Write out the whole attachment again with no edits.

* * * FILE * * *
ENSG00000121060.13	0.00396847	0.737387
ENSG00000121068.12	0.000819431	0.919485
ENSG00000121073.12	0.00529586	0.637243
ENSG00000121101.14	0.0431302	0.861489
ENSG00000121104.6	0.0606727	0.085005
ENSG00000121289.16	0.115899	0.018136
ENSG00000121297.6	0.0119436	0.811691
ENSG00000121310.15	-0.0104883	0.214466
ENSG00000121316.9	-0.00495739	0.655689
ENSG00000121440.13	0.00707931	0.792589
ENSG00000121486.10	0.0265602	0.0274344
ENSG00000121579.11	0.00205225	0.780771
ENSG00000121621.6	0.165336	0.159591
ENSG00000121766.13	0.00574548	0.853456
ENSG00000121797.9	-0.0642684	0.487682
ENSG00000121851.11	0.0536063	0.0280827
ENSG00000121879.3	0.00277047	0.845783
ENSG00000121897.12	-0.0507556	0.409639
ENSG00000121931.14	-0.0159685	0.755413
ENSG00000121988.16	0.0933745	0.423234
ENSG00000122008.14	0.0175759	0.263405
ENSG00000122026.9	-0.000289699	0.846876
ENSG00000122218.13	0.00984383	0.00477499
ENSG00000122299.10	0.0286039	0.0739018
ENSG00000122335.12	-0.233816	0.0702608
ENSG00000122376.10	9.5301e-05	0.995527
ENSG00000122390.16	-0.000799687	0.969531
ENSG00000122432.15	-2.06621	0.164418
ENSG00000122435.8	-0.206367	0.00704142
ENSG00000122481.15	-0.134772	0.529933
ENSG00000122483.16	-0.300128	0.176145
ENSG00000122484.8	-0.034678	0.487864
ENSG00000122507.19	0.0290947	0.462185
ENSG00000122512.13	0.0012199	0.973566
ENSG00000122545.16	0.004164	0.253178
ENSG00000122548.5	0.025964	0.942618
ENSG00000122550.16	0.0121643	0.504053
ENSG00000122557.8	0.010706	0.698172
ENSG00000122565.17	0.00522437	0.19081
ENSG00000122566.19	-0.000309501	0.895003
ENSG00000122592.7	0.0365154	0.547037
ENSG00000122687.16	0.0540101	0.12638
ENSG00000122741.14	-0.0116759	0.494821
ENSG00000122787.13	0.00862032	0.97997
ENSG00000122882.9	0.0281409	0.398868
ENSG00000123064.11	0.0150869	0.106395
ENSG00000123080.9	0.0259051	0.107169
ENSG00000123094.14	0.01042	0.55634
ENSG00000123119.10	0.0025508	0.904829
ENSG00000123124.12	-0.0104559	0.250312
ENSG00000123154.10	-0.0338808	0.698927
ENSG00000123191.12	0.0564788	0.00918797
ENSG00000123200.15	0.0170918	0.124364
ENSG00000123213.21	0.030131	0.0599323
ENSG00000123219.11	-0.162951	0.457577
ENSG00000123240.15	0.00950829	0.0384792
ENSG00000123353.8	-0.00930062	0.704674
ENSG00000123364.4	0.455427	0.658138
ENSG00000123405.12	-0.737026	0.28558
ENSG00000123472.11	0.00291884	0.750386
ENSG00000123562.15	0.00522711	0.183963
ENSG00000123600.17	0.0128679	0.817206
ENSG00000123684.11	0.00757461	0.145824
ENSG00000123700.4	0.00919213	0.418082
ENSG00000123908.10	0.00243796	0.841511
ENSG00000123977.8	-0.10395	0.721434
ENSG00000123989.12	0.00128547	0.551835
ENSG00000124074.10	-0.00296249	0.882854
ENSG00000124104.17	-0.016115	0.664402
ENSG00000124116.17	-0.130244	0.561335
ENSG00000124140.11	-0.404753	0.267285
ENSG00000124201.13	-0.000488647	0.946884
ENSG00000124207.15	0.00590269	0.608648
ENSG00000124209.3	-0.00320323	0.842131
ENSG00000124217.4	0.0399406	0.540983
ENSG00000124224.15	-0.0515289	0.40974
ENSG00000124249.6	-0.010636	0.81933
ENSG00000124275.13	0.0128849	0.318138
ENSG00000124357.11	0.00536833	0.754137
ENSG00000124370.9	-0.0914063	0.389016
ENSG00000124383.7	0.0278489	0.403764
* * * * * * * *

ENSG00000121060.13	0.00396847	0.737387
ENSG00000121068.12	0.000819431	0.919485
ENSG00000121073.12	0.00529586	0.637243
ENSG00000121101.14	0.0431302	0.861489
ENSG00000121104.6	0.0606727	0.085005
ENSG00000121289.16	0.115899	0.018136
ENSG00000121297.6	0.0119436	0.811691
ENSG00000121310.15	-0.0104883	0.214466
ENSG00000121316.9	-0.00495739	0.655689
ENSG00000121440.13	0.00707931	0.792589
ENSG00000121486.10	0.0265602	0.0274344
ENSG00000121579.11	0.00205225	0.780771
ENSG00000121621.6	0.165336	0.159591
ENSG00000121766.13	0.00574548	0.853456
ENSG00000121797.9	-0.0642684	0.487682
ENSG00000121851.11	0.0536063	0.0280827
ENSG00000121879.3	0.00277047	0.845783
ENSG00000121897.12	-0.0507556	0.409639
ENSG00000121931.14	-0.0159685	0.755413
ENSG00000121988.16	0.0933745	0.423234
ENSG00000122008.14	0.0175759	0.263405
ENSG00000122026.9	-0.000289699	0.846876
ENSG00000122218.13	0.00984383	0.00477499
ENSG00000122299.10	0.0286039	0.0739018
ENSG00000122335.12	-0.233816	0.0702608
ENSG00000122376.10	9.5301e-05	0.995527
ENSG00000122390.16	-0.000799687	0.969531
ENSG00000122432.15	-2.06621	0.164418
ENSG00000122435.8	-0.206367	0.00704142
ENSG00000122481.15	-0.134772	0.529933
ENSG00000122483.16	-0.300128	0.176145
ENSG00000122484.8	-0.034678	0.487864
ENSG00000122507.19	0.0290947	0.462185
ENSG00000122512.13	0.0012199	0.973566
ENSG00000122545.16	0.004164	0.253178
ENSG00000122548.5	0.025964	0.942618
ENSG00000122550.16	0.0121643	0.504053
ENSG00000122557.8	0.010706	0.698172
ENSG00000122565.17	0.00522437	0.19081
ENSG00000122566.19	-0.000309501	0.895003
ENSG00000122592.7	0.0365154	0.547037
ENSG00000122687.16	0.0540101	0.12638
ENSG00000122741.14	-0.0116759	0.494821
ENSG00000122787.13	0.00862032	0.97997
ENSG00000122882.9	0.0281409	0.398868
ENSG00000123064.11	0.0150869	0.106395
ENSG00000123080.9	0.0259051	0.107169
ENSG00000123094.14	0.01042	0.55634
ENSG00000123119.10	0.0025508	0.904829
ENSG00000123124.12	-0.0104559	0.250312
ENSG00000123154.10	-0.0338808	0.698927
ENSG00000123191.12	0.0564788	0.00918797
ENSG00000123200.15	0.0170918	0.124364
ENSG00000123213.21	0.030131	0.0599323
ENSG00000123219.11	-0.162951	0.457577
ENSG00000123240.15	0.00950829	0.0384792
ENSG00000123353.8	-0.00930062	0.704674
ENSG00000123364.4	0.455427	0.658138
ENSG00000123405.12	-0.737026	0.28558
ENSG00000123472.11	0.00291884	0.750386
ENSG00000123562.15	0.00522711	0.183963
ENSG00000123600.17	0.0128679	0.817206
ENSG00000123684.11	0.00757461	0.145824
ENSG00000123700.4	0.00919213	0.418082
ENSG00000123908.10	0.00243796	0.841511
ENSG00000123977.8	-0.10395	0.721434
ENSG00000123989.12	0.00128547	0.551835
ENSG00000124074.10	-0.00296249	0.882854
ENSG00000124104.17	-0.016115	0.664402
ENSG00000124116.17	-0.130244	0.561335
ENSG00000124140.11	-0.404753	0.267285
ENSG00000124201.13	-0.000488647	0.946884
ENSG00000124207.15	0.00590269	0.608648
ENSG00000124209.3	-0.00320323	0.842131
ENSG00000124217.4	0.0399406	0.540983
ENSG00000124224.15	-0.0515289	0.40974
ENSG00000124249.6	-0.010636	0.81933
ENSG00000124275.13	0.0128849	0.318138
ENSG00000124357.11	0.00536833	0.754137
ENSG00000124370.9	-0.0914063	0.389016
ENSG00000124383.7	0.0278489	0.403764